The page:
Now that you’re done lubing everything up it’s time to seal it back up.  It doesn’t hurt to clean the two seals while you have everything apart either.

Assuming you were careful with your bearing seal, go ahead and press it back onto the bearing making sure it sits snugly in there as it did when you removed it.  You also have an opportunity here to wipe out any extra gunk that may have been missed during disassembly.

With the bearing perfectly situated, add the snap ring back in.  I noticed mine were quite dirty so I cleaned those too separately.

Now press your outer seal back into place.  This is where a similarly sized, sturdy round object (such as an old bearing) would come in handy, but instead I just used my thumbs to press it into place and then the dead blow hammer and brass hammer to go all the way around and make sure everything was seated properly.

That wasn’t so bad right?  Go ahead and get to at least the halfway point on your drink and then grab the wheel so we can get started on the two bearings there.  I started on the cush drive side first since the bearing is easily accessible, staring you right in the face in an almost taunting manner.  “No problem” you say, you’ve already done one, the second is cake.  Notice the two pictures, the inside of the cush drive portion of the wheel was DISGUSTING.  I went ahead and cleaned that as I like to with everything…can you tell I’m slightly OCD?

The process is the same as with the last bearing except without having to remove the outer seal and snap ring.  Simply and still gently take out the bearing seal.  This bearing didn’t look quite as bad as the last but still requires a good lubing.  Do that, put it back together, and flip the wheel over to the rotor side.

You’d better go ahead and take this time to finish that drink in order to make room in your glass for a fresh beverage.  Looking at the rotor side now you’ll notice you have another outer seal, snap ring, and then can access the bearing again.  Go ahead and remove the hindrances making sure to clean everything in the process.  I notices a fair amount of white goober under the outer seal on this one so I cleaned that all up too.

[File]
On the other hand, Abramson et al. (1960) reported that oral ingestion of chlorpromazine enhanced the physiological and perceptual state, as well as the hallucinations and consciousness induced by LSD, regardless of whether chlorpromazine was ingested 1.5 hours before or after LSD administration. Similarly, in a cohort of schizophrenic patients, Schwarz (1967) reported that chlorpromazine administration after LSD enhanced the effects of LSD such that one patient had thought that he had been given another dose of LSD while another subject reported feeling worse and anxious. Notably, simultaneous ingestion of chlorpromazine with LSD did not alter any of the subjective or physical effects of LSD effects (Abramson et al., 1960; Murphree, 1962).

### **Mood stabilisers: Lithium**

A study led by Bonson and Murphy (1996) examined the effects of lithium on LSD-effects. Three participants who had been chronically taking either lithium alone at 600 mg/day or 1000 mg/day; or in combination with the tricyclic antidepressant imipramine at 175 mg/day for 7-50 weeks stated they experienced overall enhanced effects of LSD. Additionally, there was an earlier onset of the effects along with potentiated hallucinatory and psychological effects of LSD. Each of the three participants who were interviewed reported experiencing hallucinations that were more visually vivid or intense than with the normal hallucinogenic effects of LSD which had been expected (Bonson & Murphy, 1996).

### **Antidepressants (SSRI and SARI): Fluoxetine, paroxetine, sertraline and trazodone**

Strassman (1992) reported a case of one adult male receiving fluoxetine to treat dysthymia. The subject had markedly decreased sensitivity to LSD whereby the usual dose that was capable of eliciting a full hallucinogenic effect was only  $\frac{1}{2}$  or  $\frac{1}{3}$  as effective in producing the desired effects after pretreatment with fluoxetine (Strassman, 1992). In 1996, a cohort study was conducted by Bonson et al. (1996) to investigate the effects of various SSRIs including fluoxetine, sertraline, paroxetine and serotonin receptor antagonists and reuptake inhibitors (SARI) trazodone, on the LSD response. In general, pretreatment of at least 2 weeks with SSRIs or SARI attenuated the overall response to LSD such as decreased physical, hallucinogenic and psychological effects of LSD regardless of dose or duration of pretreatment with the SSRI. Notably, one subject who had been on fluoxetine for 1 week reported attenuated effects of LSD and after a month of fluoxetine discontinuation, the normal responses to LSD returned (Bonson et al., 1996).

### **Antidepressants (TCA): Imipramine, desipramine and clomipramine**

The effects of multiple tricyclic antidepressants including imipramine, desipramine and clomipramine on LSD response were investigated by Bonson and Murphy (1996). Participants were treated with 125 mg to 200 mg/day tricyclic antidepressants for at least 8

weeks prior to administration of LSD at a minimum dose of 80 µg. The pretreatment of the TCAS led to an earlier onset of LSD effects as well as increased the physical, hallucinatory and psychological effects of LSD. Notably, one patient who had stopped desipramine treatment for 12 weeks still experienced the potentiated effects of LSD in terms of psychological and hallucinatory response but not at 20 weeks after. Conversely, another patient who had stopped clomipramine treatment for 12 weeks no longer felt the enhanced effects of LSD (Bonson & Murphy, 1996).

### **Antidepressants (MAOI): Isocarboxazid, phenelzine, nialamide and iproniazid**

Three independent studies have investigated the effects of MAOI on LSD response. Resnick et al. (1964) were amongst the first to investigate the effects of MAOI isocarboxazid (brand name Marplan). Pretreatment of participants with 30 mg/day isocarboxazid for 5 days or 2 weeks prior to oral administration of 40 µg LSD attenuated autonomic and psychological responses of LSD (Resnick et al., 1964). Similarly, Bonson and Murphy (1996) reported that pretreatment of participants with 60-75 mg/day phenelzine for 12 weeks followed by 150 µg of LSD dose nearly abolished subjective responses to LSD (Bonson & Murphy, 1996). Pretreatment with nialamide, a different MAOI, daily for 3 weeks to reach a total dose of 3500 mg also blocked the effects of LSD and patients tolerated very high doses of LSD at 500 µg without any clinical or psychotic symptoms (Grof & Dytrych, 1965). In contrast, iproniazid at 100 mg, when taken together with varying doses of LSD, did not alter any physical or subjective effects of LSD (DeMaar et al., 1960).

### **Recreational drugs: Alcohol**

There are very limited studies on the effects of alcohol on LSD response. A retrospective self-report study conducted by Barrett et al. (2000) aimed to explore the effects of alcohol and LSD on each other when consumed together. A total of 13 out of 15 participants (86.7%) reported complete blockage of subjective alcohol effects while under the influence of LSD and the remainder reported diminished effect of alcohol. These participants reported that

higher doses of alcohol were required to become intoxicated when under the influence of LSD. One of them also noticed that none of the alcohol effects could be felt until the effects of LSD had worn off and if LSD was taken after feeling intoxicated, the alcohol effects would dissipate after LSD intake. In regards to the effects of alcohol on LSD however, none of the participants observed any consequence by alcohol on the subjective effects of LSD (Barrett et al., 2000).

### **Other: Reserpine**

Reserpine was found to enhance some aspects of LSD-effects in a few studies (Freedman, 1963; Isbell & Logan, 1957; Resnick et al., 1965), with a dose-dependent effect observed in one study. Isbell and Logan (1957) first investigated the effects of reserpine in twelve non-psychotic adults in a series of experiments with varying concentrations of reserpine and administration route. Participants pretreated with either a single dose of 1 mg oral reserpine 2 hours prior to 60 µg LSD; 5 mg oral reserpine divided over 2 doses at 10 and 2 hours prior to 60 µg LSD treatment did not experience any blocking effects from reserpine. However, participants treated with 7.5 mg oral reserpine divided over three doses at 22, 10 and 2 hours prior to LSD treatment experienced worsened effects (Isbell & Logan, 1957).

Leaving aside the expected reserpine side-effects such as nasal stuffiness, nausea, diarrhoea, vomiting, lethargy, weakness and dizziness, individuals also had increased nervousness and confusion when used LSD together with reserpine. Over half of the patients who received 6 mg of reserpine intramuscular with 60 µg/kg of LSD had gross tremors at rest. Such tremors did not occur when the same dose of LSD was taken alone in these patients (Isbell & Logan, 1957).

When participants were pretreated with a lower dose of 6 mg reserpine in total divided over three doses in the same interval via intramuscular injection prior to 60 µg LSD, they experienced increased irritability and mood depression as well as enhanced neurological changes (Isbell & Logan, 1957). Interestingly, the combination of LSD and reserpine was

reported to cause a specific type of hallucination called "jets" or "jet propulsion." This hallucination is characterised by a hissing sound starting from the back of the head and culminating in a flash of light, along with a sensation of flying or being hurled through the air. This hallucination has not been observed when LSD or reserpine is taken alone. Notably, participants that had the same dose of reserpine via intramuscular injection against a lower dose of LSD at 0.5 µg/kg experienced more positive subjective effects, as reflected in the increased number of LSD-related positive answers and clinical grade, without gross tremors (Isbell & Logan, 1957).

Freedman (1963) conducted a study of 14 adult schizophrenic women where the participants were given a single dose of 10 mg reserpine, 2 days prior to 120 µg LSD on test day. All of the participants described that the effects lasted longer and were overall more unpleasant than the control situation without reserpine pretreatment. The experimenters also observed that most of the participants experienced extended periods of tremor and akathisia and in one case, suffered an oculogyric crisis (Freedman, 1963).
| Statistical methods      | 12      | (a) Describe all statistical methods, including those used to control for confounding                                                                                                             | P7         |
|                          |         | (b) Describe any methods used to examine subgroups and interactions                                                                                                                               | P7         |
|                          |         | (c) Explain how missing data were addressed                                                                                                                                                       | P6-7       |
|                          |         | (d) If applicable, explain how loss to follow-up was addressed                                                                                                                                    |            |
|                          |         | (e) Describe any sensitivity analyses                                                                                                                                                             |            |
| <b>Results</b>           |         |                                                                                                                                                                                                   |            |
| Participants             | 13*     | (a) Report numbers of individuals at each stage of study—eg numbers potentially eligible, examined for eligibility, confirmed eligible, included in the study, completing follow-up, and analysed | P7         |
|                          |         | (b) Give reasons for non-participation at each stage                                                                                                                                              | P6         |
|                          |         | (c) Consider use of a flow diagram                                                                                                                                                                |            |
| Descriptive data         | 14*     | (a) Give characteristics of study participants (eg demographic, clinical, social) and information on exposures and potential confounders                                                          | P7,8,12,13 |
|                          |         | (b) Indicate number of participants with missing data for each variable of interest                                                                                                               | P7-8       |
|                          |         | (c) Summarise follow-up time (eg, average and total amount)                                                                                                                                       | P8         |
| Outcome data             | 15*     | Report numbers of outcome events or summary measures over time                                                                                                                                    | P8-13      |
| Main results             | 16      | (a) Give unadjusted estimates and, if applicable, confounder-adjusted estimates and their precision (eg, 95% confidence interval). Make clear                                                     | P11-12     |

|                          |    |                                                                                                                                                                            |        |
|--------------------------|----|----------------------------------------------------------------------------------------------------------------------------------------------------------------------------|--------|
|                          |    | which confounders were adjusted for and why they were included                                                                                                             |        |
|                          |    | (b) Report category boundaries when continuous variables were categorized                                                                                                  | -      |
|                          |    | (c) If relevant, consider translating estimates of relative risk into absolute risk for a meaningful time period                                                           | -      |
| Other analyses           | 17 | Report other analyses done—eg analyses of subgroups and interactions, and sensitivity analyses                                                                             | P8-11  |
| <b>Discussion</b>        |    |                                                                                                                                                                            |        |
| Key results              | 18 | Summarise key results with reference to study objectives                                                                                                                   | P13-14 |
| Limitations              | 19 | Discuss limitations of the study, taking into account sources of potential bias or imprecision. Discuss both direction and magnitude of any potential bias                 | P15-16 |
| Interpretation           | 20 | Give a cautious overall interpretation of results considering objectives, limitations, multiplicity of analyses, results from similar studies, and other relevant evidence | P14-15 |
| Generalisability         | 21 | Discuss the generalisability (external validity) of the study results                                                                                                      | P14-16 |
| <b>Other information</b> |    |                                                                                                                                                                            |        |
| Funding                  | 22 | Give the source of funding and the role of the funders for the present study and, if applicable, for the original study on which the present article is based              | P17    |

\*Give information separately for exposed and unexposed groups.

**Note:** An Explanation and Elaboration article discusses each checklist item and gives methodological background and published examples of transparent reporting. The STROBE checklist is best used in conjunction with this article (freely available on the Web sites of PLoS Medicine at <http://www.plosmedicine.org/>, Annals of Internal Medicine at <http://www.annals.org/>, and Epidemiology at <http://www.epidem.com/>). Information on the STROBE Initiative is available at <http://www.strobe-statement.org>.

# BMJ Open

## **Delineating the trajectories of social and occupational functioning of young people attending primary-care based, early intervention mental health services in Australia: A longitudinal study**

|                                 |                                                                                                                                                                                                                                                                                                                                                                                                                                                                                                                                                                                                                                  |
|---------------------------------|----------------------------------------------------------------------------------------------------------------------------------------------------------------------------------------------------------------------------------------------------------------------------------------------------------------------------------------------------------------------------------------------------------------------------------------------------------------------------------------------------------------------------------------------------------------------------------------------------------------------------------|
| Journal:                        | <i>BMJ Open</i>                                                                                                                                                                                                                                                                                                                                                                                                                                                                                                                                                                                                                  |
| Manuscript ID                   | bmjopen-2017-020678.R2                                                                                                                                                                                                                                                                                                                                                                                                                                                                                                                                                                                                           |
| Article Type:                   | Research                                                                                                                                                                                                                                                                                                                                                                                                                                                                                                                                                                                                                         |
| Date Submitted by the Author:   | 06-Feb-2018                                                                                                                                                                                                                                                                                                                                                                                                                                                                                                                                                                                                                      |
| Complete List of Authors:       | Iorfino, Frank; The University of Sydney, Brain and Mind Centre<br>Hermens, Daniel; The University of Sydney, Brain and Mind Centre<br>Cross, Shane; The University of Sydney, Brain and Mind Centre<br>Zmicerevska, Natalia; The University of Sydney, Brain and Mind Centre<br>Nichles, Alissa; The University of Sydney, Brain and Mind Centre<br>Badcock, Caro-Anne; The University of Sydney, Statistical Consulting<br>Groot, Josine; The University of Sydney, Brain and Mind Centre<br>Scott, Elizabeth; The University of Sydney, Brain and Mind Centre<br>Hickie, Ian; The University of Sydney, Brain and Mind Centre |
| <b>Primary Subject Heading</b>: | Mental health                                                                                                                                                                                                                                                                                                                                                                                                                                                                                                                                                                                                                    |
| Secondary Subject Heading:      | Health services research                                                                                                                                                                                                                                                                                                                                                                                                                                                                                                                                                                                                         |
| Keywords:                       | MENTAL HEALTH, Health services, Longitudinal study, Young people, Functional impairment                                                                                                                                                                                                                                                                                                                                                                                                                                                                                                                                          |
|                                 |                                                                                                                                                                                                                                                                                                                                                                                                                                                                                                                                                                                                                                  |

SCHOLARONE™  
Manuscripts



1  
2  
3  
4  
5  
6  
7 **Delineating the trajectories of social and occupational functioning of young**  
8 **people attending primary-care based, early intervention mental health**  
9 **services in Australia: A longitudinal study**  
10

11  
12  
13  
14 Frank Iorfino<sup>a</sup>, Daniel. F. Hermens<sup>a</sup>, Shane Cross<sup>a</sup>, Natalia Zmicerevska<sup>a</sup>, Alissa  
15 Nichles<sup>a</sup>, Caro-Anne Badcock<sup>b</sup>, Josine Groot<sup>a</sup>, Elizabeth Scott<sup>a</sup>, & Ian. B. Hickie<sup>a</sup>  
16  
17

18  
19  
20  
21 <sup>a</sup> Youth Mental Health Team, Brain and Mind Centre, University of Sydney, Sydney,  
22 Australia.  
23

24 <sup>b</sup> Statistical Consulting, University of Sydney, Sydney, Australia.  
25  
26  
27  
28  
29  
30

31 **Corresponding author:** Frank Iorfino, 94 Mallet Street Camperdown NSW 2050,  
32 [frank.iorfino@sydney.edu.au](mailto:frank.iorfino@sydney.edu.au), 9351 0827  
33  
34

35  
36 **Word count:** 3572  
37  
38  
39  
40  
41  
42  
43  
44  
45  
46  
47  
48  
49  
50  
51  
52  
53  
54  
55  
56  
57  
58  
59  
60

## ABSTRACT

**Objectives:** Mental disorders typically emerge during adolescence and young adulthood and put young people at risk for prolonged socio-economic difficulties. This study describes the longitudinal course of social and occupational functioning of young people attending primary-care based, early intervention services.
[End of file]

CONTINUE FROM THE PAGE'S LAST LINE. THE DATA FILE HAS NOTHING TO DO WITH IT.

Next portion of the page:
Once you’re inside the last bearing, muscle memory kicks in and you have probably already finished the monotonous task at hand.  I noticed that this bearing was very similar to the first in that it was lacking in grease.  See the two examples below for how much I like to add and how it looks prior to putting the seal back on.

BAM!  All finished and you set a nice pace for your drink as well.  Looks like it’s time to go ahead and fill that drink back up and put the rear wheel back on the bike, making sure to notice how much smoother of a ride this is than previously.  Seriously though, I hope this helped and can’t wait to embark on some future tutorials with y’all!



Sprocket Carrier Bearing:

  • NOTE: clean all the parts as you go
  1. Remove the outer seal
  2. Remove the snap ring
  3. Carefully remove the bearing seal
  4. Grease the bearing
  5. Re-insert the bearing seal
  6. Re-insert the snap ring
  7. Re-insert the outer seal


Cush Drive Wheel Bearing Side:

  • NOTE: no outer seal or snap ring to remove
  1. Carefully remove the bearing seal
  2. Grease the bearing
  3. Re-insert the bearing seal


Rotor Wheel Bearing Side:

  • NOTE: clean all the parts as you go
  1. Remover the outer seal
  2. Remove the snap ring
  3. Carefully remove the bearing seal
  4. Grease the bearing
  5. Re-insert the bearing seal
  6. Re-insert the snap ring
  7. Re-insert the outer seal


Kevin Johnson
Kevin was destined to ride motorcycles from a young age since bikes are a family pastime.  Only recently did Kevin become an internet motorcycle influencer and change the lives of no one while blogging about his exploits, both on and off the road.  He is currently (and constantly) thinking about the next places two wheels might take him, much to the dismay of his wife, so stay tuned for what's to come!